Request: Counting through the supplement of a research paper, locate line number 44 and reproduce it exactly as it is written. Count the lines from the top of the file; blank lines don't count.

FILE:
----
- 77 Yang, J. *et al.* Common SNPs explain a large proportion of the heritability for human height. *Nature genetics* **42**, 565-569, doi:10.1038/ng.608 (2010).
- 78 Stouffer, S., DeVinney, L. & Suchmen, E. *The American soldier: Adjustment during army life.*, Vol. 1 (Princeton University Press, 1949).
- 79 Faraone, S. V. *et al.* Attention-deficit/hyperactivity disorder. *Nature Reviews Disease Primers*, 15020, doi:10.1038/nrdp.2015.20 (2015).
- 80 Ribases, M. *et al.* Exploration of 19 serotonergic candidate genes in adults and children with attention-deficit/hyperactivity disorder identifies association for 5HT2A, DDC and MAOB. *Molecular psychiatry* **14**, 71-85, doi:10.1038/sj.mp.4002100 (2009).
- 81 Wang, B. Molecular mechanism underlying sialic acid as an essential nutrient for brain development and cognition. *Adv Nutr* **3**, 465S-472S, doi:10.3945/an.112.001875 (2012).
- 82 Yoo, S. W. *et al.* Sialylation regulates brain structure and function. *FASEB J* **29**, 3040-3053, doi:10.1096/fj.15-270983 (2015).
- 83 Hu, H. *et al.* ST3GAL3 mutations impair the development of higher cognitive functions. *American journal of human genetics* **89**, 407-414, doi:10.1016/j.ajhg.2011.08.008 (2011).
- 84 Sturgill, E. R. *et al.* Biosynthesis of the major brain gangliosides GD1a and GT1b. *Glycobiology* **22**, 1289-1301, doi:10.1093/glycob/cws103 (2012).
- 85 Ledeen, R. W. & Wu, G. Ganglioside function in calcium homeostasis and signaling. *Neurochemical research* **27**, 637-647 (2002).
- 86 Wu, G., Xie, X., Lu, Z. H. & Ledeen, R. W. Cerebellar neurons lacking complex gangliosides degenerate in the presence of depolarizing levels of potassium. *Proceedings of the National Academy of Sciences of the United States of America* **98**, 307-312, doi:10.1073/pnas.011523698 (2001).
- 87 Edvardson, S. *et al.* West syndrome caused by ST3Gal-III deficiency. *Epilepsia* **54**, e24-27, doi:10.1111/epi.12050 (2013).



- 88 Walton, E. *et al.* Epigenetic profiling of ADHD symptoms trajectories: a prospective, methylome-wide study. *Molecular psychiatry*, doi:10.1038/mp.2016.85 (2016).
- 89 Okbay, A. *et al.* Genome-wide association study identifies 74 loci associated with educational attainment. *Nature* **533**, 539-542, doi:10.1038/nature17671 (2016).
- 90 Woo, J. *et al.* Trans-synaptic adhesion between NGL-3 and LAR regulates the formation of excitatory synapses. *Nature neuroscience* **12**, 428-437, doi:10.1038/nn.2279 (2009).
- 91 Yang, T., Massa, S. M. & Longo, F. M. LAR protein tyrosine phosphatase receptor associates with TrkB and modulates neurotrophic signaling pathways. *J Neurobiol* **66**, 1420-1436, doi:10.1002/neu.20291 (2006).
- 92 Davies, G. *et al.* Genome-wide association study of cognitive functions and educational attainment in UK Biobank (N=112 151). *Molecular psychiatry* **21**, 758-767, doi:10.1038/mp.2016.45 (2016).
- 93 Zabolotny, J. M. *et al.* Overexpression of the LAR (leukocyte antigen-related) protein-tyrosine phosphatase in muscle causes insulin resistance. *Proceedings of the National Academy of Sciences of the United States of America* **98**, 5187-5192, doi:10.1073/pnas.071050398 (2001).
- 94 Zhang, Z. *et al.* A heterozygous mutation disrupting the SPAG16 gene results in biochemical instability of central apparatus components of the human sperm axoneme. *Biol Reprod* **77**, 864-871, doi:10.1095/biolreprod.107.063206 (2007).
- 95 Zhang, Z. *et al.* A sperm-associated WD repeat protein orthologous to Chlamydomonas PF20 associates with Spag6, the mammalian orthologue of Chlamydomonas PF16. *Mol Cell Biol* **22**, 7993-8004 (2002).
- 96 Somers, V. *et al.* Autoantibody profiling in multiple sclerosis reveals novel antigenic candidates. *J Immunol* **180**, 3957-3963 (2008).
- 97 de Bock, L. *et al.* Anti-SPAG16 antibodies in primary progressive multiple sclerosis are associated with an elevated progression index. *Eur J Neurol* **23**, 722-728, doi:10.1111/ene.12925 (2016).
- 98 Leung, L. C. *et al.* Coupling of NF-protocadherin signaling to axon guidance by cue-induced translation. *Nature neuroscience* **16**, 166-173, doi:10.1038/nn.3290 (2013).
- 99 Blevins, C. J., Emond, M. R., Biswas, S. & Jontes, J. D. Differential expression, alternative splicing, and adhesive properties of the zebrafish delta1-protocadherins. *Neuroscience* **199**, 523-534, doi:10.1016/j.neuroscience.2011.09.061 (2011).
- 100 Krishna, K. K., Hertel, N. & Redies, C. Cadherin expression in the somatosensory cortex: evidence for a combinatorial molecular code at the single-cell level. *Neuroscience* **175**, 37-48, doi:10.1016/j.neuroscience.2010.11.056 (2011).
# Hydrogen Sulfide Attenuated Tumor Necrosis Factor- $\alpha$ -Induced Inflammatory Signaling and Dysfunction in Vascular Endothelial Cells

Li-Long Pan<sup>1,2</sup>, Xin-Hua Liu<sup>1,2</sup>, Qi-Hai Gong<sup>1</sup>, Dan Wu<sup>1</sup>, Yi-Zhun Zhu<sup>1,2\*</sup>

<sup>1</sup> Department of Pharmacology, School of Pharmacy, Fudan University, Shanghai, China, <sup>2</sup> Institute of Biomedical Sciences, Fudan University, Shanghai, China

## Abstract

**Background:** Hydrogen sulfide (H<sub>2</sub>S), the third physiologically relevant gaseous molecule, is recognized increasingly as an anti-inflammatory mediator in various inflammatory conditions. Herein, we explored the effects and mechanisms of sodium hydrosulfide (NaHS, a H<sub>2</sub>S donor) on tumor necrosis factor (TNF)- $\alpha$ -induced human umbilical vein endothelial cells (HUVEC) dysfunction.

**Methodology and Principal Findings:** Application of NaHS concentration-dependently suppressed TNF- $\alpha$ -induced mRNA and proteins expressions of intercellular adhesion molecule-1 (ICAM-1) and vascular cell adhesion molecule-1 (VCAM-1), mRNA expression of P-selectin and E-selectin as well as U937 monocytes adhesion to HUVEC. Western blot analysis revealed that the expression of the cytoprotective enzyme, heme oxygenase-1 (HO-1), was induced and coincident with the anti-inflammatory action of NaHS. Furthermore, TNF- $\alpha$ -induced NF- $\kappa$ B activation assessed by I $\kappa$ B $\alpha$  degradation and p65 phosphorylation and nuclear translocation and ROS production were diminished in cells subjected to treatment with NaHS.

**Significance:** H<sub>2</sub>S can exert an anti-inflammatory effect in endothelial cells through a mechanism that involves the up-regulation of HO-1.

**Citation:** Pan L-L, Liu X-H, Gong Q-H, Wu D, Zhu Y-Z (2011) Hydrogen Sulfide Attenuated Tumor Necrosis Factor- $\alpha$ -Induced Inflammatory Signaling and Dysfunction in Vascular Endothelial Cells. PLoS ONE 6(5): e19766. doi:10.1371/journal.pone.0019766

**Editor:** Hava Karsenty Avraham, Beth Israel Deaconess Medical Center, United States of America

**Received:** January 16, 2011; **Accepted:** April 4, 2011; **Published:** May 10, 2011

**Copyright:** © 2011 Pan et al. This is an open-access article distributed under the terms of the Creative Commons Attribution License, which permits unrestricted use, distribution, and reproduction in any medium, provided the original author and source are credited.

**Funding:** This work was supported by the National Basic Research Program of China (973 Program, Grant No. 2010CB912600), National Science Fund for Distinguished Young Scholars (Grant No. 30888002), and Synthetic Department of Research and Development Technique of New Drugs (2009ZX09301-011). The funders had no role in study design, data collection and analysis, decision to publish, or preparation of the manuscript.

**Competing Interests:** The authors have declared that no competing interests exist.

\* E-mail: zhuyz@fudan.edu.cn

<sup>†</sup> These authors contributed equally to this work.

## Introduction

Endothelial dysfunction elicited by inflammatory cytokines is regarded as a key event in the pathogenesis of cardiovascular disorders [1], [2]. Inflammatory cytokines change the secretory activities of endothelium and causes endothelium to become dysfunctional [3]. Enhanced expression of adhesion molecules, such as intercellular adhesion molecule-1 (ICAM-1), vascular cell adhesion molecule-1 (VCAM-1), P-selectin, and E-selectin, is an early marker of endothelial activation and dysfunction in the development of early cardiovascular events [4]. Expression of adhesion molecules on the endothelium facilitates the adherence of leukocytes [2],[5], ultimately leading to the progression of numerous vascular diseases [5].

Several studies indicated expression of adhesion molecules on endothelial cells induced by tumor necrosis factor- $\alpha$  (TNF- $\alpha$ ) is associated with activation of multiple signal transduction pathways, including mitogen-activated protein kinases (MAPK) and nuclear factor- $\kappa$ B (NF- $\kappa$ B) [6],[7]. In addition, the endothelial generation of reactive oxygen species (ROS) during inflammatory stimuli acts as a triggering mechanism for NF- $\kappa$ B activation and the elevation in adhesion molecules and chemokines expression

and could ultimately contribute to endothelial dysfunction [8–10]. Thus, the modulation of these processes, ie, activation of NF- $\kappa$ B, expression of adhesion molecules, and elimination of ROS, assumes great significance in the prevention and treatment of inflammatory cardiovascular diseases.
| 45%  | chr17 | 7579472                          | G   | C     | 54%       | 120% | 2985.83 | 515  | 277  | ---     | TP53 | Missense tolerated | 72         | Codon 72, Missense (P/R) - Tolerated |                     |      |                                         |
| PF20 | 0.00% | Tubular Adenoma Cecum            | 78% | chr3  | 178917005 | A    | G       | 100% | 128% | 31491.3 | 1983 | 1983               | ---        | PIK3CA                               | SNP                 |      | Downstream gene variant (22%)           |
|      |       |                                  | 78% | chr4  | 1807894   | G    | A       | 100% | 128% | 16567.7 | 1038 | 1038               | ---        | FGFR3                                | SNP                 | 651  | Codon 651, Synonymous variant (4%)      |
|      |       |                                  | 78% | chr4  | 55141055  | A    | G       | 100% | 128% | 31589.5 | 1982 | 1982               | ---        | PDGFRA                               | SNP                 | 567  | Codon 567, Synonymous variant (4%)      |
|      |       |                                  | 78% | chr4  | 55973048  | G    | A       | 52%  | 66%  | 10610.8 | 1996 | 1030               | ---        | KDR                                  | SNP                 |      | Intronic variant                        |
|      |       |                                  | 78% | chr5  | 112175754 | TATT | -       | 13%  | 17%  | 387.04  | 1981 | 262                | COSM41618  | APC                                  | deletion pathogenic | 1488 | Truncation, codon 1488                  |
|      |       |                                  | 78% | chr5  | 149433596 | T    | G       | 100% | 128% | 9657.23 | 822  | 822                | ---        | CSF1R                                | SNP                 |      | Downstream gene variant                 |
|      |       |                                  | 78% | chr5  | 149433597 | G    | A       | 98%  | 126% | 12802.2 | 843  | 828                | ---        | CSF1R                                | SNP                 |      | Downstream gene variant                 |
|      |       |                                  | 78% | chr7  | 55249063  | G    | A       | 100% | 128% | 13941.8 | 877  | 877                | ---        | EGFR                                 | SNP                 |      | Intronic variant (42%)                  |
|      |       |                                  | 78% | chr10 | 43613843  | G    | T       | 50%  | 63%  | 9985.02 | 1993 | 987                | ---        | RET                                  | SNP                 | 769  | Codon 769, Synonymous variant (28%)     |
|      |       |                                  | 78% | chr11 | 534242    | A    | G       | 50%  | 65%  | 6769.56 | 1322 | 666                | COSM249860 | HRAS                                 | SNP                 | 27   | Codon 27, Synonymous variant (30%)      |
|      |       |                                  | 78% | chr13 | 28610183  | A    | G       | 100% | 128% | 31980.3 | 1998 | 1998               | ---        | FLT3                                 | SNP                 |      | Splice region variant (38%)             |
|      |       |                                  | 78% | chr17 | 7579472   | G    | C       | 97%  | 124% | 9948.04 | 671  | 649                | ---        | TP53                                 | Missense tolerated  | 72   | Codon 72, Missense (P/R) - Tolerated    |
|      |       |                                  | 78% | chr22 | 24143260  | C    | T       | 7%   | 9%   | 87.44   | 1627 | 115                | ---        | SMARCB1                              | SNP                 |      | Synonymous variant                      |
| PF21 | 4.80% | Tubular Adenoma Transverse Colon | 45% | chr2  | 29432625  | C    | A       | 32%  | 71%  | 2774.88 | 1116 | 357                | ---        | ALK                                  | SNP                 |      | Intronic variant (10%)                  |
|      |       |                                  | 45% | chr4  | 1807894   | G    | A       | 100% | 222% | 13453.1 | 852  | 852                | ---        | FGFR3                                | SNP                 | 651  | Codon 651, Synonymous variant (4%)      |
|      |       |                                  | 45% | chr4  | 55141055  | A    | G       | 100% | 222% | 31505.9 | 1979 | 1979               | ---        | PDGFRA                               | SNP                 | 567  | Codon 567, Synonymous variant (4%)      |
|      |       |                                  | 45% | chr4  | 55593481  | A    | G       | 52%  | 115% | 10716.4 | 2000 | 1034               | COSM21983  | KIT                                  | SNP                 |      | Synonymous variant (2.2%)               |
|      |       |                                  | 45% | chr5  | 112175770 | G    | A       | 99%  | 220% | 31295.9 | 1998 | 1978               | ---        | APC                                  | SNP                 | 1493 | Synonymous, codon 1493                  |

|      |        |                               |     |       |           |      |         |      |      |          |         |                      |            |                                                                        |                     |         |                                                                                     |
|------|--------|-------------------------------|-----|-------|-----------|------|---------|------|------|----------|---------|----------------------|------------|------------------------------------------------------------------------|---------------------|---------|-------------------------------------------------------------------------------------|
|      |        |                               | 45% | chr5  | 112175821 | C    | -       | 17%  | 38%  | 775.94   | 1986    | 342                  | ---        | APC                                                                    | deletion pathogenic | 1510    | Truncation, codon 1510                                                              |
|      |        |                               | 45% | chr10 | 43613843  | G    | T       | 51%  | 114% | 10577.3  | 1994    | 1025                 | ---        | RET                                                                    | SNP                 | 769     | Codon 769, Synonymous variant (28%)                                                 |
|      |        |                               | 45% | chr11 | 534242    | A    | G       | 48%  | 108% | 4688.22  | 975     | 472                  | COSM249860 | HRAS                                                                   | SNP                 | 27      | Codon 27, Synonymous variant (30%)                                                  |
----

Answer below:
| 45%  | chr17 | 7579472                          | G   | C     | 54%       | 120% | 2985.83 | 515  | 277  | ---     | TP53 | Missense tolerated | 72         | Codon 72, Missense (P/R) - Tolerated |                     |      |                                         |